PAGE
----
Homeowners Drop Insurance After Katrina
Monday, March 19, 2007; 4:37 PM
NEW ORLEANS -- Disgusted with his insurance company after Hurricane Katrina, the Rev. Simmie Harvey let his homeowner policy lapse and left his house in the hands of a higher power.
Somebody up there must like the 88-year-old Baptist minister: His newly uninsured house escaped serious damage last month when a tornado ripped through the city's Uptown neighborhood and toppled a tree that narrowly missed his home.
"I wasn't lucky. I'm blessed," he said. "I'm going to be all right. The Lord takes care of me."
Facing soaring premiums or feeling shortchanged by their insurers, a growing number of homeowners and businesses in Louisiana and Mississippi are "going bare," or dropping their coverage altogether, insurance agents and consumer advocates say. Many more are drastically reducing their coverage.
"I have every belief that it's going to be more and more common," said Amy Bach, executive director of the United Policyholders advocacy group. "If it's a choice between eating or paying their insurance bills, of course they're going to eat."
With the new hurricane season beginning June 1, it is a risky strategy. These people could lose everything in a storm or some kind of tragic accident around the house.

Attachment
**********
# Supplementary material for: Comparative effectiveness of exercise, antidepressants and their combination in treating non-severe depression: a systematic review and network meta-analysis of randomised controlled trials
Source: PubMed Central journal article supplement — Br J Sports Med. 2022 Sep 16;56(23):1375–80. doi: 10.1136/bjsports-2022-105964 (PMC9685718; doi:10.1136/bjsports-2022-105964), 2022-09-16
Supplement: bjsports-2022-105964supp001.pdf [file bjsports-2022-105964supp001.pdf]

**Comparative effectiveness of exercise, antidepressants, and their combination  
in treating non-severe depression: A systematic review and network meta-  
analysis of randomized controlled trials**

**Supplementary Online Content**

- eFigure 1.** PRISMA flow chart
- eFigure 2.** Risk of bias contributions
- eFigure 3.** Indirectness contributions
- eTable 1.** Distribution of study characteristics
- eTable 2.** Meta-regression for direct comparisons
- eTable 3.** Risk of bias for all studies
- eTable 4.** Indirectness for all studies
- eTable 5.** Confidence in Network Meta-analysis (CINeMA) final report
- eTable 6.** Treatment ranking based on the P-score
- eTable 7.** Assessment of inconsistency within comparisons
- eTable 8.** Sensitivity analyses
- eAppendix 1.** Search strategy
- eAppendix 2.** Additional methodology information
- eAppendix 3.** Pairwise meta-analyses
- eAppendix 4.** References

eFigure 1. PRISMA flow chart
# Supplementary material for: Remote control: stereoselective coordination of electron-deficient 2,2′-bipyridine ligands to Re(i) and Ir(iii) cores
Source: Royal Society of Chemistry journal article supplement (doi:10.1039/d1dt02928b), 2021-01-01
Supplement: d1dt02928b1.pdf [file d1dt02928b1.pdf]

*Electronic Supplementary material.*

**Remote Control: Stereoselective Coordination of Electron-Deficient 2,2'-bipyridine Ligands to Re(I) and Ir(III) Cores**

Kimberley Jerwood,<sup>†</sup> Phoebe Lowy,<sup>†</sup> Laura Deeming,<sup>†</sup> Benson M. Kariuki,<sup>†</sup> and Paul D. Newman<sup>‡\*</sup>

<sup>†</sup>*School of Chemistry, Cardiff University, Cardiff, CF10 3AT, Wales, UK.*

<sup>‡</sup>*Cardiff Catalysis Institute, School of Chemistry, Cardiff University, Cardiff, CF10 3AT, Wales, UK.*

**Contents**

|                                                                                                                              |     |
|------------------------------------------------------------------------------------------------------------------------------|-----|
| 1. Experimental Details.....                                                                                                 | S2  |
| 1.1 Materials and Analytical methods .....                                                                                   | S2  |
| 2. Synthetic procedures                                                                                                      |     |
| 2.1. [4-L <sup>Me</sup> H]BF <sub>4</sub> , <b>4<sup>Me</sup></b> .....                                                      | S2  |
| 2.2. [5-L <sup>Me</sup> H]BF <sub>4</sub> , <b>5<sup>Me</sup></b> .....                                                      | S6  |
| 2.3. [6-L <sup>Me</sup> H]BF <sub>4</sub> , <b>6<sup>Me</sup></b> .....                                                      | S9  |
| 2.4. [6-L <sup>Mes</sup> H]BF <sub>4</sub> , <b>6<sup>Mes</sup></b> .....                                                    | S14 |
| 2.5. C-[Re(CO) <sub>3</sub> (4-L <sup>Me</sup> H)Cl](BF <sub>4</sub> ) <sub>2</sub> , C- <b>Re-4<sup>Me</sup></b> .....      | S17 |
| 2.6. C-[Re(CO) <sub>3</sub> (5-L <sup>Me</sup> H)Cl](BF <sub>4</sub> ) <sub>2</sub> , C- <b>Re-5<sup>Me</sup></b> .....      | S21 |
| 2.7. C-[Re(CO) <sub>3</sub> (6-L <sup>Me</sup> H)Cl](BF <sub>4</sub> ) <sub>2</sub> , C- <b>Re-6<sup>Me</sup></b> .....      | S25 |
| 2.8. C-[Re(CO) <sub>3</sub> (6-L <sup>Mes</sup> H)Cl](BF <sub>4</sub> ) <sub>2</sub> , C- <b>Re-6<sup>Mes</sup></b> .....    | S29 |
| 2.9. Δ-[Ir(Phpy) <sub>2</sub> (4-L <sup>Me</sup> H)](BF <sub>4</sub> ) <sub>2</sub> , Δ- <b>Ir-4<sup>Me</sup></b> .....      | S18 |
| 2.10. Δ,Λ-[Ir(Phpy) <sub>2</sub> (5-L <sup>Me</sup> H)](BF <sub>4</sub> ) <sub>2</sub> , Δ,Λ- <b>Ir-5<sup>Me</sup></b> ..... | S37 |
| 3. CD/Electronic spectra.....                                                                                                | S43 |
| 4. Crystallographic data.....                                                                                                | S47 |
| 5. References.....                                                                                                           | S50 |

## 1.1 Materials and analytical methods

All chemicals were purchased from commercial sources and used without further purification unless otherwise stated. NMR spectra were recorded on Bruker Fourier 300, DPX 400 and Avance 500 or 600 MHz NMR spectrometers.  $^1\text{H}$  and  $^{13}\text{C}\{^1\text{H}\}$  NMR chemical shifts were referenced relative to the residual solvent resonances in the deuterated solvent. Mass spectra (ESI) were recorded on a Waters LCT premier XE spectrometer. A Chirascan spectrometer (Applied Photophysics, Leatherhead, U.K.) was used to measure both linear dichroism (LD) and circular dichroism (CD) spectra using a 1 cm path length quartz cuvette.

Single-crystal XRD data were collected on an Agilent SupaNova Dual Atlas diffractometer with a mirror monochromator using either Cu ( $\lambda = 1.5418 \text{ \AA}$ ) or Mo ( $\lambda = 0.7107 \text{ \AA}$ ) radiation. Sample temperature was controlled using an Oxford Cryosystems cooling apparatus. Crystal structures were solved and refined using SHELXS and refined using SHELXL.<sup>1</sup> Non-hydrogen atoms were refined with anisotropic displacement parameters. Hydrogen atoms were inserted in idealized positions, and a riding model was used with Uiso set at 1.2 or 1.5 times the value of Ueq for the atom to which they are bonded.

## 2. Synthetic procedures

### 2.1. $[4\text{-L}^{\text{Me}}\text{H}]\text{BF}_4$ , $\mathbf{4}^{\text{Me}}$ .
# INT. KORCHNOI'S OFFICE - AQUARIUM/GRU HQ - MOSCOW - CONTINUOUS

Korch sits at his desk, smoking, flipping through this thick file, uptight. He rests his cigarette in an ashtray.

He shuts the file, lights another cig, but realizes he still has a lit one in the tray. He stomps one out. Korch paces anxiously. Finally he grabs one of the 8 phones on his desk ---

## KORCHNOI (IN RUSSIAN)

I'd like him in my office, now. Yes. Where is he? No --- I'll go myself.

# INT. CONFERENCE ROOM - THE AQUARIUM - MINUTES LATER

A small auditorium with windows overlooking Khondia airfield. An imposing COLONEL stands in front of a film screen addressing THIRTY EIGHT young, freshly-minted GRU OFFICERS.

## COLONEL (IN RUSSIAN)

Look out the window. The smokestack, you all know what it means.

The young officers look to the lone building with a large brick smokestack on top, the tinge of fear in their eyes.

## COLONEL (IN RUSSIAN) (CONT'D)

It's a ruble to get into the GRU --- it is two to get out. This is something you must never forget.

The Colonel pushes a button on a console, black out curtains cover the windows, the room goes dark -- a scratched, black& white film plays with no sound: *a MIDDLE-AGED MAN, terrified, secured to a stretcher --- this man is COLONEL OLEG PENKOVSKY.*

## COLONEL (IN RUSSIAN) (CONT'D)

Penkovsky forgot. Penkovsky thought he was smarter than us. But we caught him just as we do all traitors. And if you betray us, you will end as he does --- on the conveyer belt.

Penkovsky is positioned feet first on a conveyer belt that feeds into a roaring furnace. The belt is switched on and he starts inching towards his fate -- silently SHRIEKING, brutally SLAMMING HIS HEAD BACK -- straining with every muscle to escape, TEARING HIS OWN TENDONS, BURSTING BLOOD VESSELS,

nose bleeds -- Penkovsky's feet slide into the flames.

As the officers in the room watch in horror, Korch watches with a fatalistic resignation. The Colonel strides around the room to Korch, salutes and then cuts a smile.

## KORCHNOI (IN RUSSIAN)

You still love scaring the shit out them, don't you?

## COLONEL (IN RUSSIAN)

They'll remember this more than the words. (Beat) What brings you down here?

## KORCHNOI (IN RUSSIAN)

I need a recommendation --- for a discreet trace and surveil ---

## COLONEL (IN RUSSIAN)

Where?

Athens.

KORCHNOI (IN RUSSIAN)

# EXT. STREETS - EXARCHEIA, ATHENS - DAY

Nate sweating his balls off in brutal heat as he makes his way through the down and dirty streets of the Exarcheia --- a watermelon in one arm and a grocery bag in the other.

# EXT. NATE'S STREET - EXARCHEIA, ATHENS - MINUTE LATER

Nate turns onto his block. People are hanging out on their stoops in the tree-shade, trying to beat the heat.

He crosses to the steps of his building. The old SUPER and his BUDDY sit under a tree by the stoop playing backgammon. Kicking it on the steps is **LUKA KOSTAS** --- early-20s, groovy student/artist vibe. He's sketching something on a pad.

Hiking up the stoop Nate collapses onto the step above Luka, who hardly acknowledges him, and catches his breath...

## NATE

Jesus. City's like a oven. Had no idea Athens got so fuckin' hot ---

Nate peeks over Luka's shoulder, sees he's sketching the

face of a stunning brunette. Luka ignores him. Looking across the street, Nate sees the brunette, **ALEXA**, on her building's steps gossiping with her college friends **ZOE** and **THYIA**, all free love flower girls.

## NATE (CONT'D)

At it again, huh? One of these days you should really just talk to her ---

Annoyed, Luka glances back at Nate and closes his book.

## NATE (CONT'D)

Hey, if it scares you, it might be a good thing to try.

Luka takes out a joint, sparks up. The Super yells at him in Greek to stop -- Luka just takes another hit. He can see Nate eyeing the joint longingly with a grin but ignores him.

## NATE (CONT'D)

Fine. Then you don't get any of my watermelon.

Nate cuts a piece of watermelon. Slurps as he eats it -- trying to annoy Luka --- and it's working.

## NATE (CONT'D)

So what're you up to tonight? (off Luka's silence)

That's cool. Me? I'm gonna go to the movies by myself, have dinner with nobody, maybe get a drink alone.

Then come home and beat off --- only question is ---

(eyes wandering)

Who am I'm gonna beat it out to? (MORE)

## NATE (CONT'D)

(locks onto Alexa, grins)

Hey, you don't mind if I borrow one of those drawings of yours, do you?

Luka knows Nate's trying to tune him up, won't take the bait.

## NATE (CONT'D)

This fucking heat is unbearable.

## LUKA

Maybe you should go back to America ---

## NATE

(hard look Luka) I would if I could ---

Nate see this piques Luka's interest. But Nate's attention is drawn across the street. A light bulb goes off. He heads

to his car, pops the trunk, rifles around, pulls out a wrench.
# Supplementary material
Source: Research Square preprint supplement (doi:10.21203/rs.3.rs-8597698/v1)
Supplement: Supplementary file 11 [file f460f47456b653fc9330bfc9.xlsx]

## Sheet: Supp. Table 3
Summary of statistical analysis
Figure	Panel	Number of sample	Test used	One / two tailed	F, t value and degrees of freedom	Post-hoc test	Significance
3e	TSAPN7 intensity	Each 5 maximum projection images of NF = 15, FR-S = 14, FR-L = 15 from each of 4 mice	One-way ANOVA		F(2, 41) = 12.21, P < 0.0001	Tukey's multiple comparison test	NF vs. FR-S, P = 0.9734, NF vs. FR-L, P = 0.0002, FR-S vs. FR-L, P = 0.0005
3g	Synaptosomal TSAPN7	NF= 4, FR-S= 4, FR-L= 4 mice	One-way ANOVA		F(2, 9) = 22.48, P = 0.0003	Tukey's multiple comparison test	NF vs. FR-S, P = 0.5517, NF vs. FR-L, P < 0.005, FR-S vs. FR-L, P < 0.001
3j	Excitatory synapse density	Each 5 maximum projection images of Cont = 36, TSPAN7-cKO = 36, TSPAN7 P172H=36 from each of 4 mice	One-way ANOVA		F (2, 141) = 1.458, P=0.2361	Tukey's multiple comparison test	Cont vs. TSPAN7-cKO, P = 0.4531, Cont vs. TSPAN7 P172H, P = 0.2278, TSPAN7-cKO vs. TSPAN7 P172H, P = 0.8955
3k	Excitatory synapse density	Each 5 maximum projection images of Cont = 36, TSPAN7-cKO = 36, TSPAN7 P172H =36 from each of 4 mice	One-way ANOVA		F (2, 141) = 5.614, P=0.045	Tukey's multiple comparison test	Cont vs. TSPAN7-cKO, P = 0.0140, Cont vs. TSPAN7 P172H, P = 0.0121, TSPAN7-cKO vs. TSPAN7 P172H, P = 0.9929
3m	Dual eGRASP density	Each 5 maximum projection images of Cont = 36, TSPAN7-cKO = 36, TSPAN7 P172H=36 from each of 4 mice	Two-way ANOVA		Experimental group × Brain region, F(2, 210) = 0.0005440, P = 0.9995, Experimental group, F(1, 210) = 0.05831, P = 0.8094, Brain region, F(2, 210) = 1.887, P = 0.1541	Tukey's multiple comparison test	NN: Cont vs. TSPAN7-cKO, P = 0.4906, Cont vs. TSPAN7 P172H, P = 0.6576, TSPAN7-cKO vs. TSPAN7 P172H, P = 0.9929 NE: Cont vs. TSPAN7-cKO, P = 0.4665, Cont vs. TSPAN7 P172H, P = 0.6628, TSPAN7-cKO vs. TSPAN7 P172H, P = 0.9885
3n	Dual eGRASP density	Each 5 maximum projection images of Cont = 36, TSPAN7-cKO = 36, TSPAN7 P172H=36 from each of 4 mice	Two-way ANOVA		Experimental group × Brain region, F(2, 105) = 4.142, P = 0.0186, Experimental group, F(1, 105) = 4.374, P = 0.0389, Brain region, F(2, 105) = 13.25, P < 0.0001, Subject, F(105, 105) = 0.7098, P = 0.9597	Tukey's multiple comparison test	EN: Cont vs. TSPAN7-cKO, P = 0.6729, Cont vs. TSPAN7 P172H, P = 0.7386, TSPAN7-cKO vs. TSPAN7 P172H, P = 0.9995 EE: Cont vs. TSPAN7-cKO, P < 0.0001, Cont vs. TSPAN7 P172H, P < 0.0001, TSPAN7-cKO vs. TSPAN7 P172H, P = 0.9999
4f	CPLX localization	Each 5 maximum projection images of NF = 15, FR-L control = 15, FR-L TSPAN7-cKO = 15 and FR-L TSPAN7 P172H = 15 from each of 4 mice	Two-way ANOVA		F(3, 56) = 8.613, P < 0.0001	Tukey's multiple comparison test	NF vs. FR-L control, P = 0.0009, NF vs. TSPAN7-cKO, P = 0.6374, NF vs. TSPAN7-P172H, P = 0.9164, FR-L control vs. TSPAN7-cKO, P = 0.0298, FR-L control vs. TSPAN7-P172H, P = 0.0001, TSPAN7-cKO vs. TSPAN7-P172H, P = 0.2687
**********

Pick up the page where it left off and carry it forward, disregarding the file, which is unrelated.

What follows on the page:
"You're basically playing Russian roulette with your most valuable asset," said Robert Hartwig, president and chief economist of the Insurance Information Institute, an industry-funded group.
Elderly homeowners _ particularly those on fixed incomes and those who have paid off their mortgages _ may be the most likely to go uninsured. Most homeowners don't have that choice, because mortgage companies require borrowers to have insurance. Those whose homes are paid off can drop their policies, unless they are getting government grants or loans that require one.
"Definitely, you'll be seeing more of this," said Bennett Powell, a Metairie insurance agent whose firm sold Harvey his policy.
Exactly how many policyholders are going bare is unclear. The insurance commissioners in Mississippi and Louisiana are not keeping track, and insurers say they do not how many of their former customers are simply buying new policies from a different company.
Shopping around can also be a risky strategy, because homeowners in Louisiana who switch are no longer protected by a state law that bars insurers from canceling policies that have been in effect for three years or longer.
"Do not shop," said Louisiana Insurance Commissioner Jim Donelon. "That protection outweighs the advantage of shopping, in my opinion."